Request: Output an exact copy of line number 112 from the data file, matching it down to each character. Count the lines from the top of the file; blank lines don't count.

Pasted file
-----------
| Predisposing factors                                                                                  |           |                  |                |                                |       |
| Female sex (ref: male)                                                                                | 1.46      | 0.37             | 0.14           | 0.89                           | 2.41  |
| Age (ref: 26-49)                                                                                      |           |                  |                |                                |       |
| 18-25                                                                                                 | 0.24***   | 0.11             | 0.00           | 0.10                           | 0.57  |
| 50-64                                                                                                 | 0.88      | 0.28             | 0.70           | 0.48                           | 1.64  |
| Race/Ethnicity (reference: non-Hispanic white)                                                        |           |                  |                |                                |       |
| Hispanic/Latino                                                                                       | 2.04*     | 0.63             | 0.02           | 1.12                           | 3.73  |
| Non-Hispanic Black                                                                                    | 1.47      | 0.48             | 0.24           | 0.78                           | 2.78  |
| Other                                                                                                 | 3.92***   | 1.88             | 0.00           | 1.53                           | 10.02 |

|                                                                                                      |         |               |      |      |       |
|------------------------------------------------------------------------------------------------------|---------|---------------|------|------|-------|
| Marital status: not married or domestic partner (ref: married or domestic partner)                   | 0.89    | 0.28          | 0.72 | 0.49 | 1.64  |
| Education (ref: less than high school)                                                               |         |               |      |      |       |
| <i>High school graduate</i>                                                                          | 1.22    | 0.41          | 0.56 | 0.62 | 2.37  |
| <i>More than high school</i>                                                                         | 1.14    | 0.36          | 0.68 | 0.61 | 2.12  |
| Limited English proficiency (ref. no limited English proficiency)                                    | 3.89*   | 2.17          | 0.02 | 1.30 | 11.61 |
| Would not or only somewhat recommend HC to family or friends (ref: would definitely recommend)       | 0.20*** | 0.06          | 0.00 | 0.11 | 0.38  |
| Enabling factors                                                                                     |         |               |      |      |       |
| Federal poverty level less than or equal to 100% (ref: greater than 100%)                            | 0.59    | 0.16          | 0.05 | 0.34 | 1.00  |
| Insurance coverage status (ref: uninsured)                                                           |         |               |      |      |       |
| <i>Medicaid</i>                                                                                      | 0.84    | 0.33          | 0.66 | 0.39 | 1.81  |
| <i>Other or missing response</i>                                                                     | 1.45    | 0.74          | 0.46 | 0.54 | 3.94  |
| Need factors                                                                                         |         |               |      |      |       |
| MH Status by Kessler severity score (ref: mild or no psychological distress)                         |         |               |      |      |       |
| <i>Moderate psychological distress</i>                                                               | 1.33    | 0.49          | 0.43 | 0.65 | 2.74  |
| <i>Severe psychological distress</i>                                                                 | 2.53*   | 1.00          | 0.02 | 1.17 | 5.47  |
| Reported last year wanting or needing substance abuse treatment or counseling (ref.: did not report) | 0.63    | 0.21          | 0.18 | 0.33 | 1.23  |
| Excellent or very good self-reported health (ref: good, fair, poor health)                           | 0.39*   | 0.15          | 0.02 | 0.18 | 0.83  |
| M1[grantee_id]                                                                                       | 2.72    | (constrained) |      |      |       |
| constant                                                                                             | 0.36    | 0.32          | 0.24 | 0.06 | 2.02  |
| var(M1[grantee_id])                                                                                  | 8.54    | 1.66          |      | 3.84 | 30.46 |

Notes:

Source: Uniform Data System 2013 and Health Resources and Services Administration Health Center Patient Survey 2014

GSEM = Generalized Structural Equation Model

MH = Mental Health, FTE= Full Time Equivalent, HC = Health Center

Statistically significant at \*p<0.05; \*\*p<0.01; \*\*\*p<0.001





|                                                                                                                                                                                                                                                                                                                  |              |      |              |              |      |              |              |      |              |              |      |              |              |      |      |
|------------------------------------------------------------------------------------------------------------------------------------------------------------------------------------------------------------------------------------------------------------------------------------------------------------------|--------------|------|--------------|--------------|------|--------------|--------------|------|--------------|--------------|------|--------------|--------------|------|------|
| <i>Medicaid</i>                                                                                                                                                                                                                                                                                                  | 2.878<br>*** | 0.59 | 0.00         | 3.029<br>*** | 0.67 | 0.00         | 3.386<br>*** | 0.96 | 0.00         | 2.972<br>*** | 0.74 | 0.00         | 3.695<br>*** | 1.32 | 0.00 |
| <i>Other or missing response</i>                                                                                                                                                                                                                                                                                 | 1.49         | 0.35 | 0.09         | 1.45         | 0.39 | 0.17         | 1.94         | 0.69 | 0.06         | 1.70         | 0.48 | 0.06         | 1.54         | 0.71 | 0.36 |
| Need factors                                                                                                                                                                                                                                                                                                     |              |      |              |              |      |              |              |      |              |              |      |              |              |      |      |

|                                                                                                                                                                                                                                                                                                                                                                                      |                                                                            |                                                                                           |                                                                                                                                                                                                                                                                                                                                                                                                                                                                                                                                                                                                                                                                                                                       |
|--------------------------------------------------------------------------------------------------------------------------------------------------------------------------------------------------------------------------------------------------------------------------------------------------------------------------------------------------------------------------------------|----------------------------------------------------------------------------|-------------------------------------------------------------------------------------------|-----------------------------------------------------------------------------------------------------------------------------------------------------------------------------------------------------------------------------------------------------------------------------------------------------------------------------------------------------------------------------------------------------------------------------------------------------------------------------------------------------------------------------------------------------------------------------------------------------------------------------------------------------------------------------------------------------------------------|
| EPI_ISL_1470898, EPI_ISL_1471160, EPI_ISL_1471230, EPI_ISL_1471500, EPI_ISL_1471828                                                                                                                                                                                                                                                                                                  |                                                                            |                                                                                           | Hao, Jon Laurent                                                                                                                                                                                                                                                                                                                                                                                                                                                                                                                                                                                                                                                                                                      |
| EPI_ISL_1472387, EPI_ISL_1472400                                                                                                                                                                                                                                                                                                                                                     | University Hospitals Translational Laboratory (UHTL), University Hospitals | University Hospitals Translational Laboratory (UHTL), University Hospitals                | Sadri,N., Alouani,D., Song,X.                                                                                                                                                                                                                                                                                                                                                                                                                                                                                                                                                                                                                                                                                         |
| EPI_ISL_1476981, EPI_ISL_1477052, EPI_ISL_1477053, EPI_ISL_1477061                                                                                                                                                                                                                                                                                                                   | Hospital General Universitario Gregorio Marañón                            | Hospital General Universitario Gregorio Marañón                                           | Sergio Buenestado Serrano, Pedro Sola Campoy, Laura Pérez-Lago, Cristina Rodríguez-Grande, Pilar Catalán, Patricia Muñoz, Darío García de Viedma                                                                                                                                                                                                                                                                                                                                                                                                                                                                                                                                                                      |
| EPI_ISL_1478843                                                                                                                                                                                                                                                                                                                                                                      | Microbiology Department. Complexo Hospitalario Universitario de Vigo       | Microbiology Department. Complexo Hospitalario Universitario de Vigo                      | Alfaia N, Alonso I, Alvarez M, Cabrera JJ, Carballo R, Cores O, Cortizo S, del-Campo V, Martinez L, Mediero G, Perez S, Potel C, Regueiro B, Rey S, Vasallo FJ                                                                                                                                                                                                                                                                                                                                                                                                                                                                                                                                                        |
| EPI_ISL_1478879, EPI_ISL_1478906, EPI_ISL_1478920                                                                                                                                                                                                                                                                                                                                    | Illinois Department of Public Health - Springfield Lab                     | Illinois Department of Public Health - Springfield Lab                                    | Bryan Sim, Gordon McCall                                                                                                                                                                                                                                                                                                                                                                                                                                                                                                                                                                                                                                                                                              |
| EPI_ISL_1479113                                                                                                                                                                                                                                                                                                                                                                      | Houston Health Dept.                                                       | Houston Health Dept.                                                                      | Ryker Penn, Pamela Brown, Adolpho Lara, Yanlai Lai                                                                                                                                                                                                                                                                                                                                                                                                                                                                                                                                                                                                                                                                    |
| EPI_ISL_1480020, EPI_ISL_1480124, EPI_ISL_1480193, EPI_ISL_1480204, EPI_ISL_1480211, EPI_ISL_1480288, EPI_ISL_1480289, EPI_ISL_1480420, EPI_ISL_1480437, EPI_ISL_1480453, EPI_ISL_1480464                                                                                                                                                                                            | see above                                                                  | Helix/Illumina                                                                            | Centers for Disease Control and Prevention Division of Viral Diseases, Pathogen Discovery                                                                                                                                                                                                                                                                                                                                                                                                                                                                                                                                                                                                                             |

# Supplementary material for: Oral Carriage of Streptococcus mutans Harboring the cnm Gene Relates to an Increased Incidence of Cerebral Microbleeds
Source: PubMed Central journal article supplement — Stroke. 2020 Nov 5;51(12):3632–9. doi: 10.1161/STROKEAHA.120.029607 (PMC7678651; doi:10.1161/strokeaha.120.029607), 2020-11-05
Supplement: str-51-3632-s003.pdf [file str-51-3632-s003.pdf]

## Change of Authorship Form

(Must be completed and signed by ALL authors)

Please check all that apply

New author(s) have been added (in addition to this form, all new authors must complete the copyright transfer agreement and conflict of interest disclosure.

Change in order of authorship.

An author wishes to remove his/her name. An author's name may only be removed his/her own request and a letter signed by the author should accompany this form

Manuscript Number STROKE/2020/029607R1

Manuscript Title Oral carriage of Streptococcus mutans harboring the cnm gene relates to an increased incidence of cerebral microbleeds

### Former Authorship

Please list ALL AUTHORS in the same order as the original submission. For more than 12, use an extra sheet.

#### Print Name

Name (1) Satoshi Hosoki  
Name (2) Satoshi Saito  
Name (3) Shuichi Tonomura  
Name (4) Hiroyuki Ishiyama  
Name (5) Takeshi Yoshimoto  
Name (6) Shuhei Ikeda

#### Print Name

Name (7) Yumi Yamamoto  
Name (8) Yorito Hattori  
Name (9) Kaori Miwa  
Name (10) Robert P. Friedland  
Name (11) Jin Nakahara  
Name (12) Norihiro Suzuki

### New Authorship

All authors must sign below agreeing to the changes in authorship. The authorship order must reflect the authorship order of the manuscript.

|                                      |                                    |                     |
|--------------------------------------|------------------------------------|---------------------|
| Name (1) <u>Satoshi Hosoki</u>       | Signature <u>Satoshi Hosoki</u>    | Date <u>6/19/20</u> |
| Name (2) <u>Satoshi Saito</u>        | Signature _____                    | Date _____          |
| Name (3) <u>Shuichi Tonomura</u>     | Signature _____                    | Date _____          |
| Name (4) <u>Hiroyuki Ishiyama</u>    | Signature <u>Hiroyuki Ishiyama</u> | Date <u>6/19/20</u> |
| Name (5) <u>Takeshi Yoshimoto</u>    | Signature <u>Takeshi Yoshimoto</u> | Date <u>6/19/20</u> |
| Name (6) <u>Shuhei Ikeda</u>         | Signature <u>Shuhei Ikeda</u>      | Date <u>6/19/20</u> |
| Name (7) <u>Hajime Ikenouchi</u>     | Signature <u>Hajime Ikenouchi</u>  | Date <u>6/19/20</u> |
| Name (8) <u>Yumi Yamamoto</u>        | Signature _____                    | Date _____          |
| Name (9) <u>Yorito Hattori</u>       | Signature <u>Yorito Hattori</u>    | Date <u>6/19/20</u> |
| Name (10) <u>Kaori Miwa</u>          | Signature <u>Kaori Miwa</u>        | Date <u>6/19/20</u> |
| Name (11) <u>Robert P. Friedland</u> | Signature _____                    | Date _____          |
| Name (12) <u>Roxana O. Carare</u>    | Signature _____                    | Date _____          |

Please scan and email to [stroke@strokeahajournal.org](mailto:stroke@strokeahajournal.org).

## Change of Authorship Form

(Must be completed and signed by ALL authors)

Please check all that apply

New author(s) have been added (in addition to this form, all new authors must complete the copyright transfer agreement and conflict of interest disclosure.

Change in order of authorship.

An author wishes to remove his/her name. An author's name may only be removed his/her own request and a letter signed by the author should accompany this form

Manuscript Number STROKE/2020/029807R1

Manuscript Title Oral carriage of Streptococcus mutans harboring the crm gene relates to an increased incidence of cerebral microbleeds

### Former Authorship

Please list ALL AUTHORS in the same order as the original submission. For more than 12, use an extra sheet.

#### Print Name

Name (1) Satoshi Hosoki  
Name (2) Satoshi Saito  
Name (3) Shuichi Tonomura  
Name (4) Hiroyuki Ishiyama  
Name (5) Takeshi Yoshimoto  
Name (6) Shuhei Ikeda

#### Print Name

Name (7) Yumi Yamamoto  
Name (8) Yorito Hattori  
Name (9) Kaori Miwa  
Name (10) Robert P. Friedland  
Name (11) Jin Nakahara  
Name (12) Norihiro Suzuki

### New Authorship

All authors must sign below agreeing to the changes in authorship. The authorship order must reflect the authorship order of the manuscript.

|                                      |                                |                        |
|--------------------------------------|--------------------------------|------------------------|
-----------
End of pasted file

#### Print Name